Discussions of healthy eating are often led by buzzwords like “clean,” “natural,” and “organic.” Organic foods in particular have led the market for some time now; however, they are facing a decline in consumer perceptions. According to Mintel, only 26% of consumers trust organic food labels. This is likely because most consumers don’t really understand what it means for food to be organic and because of a lack of consistent regulations.
Additionally, according to a survey by the International Food Information Council Foundation, consumers preferred foods that were high in healthy components and nutrients as well as ones that were minimally processed/natural over organic foods. Consumers are shifting away from specific labels like “organic” and toward broader concepts of health and environmentalism.
This shift makes way for a new, more encompassing concept: mindful consumption. Rather than focusing on one specific label like “organic,” a mindful consumer is focused on both the health value the food offers as well as the impact their food choice has on the environment at all levels of the supply chain.
Here are some questions Dr. Sabrina Helm of the University of Arizona raised about mindful consumption that reflect on the role of the consumer, the retailer, and technology in reducing food waste:
How can retailers aid consumers in reducing food waste? (e.g., food purchase transparency; shopping lists; adaptive couponing).
How can technological developments aid consumers in reducing food waste? (e.g., online menu planning; IoT – “smart” fridge).
How can decreased food consumption (increased household food efficiency) and economic development be aligned? (e.g., price increases to account for external effects vs. decreased purchase per household).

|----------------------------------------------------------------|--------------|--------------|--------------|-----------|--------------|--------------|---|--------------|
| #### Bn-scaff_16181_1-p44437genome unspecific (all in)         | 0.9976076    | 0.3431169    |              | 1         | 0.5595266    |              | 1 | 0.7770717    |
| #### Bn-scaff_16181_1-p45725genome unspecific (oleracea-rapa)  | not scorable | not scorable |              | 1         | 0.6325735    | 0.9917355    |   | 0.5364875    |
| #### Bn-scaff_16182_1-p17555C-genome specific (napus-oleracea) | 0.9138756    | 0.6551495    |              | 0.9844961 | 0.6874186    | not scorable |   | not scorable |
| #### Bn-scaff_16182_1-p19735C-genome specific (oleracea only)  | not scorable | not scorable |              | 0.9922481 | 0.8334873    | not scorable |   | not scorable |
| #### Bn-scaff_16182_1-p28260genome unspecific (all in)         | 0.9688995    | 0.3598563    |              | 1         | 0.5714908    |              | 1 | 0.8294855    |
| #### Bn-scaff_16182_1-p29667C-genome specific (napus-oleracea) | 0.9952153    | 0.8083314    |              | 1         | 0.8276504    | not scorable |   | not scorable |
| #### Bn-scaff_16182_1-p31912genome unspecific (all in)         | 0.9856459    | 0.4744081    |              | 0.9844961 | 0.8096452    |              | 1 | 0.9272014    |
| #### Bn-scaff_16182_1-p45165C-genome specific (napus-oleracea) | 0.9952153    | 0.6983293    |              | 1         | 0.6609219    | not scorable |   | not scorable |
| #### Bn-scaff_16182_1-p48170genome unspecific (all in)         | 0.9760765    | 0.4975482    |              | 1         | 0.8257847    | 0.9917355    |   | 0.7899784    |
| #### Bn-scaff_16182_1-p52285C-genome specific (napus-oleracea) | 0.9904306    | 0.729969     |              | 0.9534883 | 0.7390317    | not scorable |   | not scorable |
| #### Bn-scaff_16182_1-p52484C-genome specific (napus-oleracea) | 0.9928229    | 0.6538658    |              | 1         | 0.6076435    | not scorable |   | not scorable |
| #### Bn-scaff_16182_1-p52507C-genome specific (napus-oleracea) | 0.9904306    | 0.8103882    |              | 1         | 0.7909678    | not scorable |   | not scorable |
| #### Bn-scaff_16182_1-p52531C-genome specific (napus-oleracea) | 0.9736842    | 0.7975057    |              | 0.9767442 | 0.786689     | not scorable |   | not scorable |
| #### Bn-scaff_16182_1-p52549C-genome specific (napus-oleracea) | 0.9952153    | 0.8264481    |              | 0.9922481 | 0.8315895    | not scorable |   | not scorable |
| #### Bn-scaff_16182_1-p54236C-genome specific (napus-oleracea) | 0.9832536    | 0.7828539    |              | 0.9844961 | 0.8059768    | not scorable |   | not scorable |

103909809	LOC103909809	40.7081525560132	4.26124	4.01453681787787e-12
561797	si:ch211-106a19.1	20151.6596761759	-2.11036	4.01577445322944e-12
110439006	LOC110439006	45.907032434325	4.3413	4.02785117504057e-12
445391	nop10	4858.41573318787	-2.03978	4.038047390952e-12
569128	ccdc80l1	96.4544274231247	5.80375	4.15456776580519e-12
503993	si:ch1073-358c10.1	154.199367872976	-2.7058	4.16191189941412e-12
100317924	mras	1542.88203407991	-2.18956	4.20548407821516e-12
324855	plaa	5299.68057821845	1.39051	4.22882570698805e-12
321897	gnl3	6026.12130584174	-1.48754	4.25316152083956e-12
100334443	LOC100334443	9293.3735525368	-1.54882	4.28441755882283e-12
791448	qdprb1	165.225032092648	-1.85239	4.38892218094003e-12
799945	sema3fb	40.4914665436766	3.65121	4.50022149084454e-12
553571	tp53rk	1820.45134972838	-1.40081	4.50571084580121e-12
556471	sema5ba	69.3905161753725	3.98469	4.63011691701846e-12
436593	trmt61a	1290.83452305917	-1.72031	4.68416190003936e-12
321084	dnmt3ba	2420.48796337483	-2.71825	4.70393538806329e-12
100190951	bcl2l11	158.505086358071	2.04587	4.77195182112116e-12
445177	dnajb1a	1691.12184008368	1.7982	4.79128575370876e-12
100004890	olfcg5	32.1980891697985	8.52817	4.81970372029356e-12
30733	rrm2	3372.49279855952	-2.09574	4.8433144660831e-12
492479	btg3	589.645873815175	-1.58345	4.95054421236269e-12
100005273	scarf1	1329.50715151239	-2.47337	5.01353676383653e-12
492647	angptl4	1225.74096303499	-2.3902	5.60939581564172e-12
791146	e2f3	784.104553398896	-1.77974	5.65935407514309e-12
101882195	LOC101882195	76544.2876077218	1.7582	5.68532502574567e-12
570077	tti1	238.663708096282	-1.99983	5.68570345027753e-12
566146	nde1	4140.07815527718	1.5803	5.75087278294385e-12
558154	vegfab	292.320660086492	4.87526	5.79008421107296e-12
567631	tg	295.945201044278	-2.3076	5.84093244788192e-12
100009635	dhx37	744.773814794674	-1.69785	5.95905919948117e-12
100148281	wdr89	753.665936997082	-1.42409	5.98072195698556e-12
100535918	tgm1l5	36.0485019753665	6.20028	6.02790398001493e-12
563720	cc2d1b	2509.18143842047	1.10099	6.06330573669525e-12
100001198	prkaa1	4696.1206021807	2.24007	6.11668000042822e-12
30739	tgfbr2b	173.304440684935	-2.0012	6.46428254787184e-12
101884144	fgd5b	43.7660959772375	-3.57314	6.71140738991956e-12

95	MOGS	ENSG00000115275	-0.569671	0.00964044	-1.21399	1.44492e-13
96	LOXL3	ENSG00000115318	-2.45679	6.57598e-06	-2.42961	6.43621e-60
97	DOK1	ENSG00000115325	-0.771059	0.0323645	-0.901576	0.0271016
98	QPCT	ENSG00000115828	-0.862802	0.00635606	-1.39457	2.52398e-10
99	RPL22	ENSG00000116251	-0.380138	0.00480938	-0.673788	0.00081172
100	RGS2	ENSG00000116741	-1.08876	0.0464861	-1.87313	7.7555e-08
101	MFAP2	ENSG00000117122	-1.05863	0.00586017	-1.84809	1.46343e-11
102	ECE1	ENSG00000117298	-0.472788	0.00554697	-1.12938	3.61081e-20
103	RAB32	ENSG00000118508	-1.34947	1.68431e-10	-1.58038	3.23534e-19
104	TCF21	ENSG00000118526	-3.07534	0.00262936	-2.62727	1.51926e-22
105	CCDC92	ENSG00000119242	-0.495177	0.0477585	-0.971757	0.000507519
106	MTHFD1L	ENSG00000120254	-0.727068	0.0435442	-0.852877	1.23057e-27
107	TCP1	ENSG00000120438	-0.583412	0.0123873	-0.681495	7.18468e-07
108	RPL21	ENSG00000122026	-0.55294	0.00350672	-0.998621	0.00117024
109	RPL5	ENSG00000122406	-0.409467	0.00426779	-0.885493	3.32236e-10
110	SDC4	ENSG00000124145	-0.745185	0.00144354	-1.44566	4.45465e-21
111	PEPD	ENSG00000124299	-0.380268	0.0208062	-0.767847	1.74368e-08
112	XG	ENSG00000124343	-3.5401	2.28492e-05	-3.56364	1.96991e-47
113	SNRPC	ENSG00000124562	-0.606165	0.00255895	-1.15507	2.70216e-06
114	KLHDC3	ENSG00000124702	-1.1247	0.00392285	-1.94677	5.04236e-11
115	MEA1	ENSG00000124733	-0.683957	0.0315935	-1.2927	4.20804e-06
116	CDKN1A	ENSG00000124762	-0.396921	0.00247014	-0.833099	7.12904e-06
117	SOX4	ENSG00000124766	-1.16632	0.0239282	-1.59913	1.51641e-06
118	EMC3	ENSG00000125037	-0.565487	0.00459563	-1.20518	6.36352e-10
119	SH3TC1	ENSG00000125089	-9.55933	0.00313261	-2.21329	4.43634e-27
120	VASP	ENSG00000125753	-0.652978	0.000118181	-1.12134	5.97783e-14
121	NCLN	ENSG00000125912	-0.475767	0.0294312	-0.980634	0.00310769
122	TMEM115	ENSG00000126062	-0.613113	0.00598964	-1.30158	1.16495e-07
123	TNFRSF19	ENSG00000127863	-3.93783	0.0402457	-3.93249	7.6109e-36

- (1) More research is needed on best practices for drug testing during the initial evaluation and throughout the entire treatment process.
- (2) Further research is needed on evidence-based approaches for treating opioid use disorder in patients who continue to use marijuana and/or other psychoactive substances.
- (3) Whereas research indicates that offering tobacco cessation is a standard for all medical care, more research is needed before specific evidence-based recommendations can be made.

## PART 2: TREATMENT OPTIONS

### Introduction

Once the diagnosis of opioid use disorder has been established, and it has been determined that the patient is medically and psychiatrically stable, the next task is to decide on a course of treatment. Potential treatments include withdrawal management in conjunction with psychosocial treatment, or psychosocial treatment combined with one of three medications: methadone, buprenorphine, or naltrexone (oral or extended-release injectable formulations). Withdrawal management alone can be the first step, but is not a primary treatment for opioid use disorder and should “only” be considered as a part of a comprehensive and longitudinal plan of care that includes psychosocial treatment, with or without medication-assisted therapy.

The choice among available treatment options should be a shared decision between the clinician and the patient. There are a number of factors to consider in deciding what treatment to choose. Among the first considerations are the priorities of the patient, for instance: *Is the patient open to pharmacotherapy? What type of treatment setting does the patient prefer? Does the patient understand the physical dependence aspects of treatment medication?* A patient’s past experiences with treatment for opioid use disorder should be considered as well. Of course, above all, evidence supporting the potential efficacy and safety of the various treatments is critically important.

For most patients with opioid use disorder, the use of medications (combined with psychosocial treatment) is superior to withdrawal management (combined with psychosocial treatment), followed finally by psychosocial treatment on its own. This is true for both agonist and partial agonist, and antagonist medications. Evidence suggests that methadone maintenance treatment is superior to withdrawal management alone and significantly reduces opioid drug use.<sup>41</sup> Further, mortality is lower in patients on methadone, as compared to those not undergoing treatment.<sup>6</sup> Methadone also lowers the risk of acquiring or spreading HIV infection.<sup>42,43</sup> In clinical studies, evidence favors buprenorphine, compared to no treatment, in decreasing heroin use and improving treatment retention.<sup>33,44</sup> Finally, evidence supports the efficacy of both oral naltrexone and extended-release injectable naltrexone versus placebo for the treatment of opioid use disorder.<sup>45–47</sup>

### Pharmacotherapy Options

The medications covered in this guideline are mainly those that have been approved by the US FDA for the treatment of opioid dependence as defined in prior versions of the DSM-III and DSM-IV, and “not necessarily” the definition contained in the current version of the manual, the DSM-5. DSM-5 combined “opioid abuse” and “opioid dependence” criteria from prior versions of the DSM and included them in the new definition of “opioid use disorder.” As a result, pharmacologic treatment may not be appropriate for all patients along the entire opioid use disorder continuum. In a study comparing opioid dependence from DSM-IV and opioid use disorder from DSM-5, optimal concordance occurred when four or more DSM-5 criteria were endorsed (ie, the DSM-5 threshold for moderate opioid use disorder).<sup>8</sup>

While these questions don’t have a single clear-cut answer, new solutions to food waste reduction are being informed continually by consumer willingness to adopt. These questions only begin to hint at a new mindset surrounding how we talk about food and the environment and our interactions with them.
The curve for adoption of mindful consumption habits may not be as steep as one might assume. According to the Healthy Eating report from Technomic, when consumers want to eat healthy in restaurants, 61% look for “natural” ingredients. This translates into a higher willingness to pay with 43% of consumers responding that they are more likely to purchase and would pay more for “natural” food and 40% saying the same about “clean” food. Since consumers already search for options they perceive as clean and unprocessed, and are even willing to pay a premium for those options, this opens up the possibility for food retailers to provide food waste solutions that double as healthier food options.
According to an article from National Geographic, “The expanding market represents an understanding and willingness by consumers to pay a premium for food because of how it’s grown, says Michel Cavigelli, USDA research soil scientist. “If you want to protect the environment or eat healthier—here, pay a little more for your food. That’s what organic has created, a market mechanism,” he says.”
In the food waste reduction space, we can build off of that mechanism created by organics and launch a broader movement. This is only the beginning for mindful consumption.